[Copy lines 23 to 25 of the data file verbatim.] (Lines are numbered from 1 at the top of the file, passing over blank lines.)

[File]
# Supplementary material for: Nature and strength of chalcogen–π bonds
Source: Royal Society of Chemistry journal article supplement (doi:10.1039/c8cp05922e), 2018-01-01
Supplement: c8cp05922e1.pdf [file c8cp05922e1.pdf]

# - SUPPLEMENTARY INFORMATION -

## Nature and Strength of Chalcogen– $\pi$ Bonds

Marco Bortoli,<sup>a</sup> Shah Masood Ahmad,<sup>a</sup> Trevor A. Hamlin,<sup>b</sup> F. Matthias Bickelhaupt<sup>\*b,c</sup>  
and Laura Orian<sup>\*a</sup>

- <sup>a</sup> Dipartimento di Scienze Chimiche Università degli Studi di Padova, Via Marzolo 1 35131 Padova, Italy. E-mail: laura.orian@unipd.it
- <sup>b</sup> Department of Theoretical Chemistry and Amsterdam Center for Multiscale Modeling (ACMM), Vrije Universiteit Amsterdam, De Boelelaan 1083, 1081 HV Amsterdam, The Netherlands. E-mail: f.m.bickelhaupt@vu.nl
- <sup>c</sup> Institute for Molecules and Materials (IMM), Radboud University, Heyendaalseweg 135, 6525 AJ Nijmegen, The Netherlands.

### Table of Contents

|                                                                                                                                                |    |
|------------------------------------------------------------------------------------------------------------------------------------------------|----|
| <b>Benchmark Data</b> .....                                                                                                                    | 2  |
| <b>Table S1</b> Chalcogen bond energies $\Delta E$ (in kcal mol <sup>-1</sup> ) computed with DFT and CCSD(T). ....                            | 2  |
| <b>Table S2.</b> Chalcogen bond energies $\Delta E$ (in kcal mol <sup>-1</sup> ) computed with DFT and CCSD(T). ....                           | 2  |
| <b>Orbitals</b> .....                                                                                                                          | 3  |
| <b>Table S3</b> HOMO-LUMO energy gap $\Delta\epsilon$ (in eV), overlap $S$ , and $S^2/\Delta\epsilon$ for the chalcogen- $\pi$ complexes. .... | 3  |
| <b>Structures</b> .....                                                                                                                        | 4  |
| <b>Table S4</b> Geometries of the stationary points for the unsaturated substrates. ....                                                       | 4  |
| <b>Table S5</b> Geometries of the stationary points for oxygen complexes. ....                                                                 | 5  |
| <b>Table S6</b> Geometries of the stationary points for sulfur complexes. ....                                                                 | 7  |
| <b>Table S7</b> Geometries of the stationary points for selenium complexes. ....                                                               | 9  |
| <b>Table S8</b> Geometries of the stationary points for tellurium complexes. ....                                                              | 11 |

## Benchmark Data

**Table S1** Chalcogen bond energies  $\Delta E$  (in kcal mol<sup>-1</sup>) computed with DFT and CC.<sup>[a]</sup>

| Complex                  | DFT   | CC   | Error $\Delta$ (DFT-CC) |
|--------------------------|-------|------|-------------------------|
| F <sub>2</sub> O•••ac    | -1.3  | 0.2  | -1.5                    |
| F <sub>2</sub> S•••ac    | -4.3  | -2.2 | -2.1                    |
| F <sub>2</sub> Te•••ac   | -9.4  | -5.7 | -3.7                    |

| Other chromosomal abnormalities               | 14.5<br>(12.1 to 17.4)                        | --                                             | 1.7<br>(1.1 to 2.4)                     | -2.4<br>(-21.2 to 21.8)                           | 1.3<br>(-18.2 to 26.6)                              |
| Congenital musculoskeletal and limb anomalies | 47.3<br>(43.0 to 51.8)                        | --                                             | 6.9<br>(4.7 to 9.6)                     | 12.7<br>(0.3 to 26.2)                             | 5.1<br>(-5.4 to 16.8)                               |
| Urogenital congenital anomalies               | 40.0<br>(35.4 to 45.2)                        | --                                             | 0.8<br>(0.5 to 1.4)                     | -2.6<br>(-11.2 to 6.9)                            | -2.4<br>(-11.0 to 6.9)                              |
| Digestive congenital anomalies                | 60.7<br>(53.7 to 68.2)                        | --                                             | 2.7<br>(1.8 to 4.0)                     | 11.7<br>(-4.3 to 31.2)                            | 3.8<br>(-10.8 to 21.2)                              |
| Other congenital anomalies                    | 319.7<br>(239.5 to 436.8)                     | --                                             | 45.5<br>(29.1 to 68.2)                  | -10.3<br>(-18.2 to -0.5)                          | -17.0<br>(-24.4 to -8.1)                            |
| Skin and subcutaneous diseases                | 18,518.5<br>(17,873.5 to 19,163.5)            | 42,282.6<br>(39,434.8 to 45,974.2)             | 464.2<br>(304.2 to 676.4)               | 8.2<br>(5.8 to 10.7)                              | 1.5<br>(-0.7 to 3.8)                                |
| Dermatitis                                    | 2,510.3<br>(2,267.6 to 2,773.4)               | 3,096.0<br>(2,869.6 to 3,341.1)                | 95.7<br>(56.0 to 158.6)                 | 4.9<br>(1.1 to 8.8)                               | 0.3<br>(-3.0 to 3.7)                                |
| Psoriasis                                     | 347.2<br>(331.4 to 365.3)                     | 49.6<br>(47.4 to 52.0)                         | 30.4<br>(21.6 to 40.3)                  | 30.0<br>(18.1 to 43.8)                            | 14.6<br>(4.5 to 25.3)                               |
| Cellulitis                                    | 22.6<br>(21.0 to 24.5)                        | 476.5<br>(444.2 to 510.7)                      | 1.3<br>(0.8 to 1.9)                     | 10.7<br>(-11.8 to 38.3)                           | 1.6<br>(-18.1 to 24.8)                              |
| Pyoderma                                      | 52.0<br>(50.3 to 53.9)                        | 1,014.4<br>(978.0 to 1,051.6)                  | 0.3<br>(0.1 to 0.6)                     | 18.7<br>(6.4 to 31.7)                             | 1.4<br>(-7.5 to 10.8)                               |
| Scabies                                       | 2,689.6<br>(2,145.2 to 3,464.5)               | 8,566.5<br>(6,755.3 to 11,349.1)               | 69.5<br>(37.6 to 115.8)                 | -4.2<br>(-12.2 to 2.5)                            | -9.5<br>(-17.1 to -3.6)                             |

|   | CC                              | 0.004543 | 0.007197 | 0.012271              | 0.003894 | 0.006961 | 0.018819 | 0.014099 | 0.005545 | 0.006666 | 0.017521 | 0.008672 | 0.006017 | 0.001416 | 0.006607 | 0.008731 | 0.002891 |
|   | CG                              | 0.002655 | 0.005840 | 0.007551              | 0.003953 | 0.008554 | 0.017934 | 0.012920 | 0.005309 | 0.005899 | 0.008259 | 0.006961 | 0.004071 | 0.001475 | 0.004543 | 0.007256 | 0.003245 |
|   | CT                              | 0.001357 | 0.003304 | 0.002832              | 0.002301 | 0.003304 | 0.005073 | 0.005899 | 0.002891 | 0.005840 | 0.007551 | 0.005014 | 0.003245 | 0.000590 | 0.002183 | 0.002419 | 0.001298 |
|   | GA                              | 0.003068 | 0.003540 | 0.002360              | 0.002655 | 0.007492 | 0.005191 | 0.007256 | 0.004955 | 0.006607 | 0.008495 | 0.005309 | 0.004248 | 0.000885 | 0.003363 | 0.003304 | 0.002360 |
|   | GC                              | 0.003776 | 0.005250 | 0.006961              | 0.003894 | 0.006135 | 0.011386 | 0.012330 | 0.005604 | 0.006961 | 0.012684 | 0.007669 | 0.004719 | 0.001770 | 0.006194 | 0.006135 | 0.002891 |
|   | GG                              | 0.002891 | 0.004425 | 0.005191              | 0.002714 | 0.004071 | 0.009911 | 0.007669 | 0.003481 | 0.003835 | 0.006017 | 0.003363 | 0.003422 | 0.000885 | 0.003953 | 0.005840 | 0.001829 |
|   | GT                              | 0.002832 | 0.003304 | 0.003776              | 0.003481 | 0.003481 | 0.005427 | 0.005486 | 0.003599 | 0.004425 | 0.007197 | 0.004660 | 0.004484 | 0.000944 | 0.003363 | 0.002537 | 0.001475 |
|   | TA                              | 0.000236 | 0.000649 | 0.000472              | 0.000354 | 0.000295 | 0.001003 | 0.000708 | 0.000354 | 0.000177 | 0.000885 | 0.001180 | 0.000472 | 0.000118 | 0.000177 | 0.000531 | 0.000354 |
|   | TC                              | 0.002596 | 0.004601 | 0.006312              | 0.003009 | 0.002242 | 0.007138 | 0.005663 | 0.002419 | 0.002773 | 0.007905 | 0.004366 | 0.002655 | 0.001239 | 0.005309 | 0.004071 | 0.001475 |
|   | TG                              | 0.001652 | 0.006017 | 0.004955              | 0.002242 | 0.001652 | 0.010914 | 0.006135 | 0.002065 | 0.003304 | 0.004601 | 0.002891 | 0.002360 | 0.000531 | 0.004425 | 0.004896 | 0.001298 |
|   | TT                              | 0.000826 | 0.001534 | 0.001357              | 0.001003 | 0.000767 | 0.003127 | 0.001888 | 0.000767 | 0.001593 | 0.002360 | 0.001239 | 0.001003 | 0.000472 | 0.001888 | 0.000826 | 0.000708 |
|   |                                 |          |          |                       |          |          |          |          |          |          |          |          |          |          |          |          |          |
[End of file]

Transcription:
| <b>Table S7</b> Geometries of the stationary points for selenium complexes. ....                                                               | 9  |
| <b>Table S8</b> Geometries of the stationary points for tellurium complexes. ....                                                              | 11 |

## Benchmark Data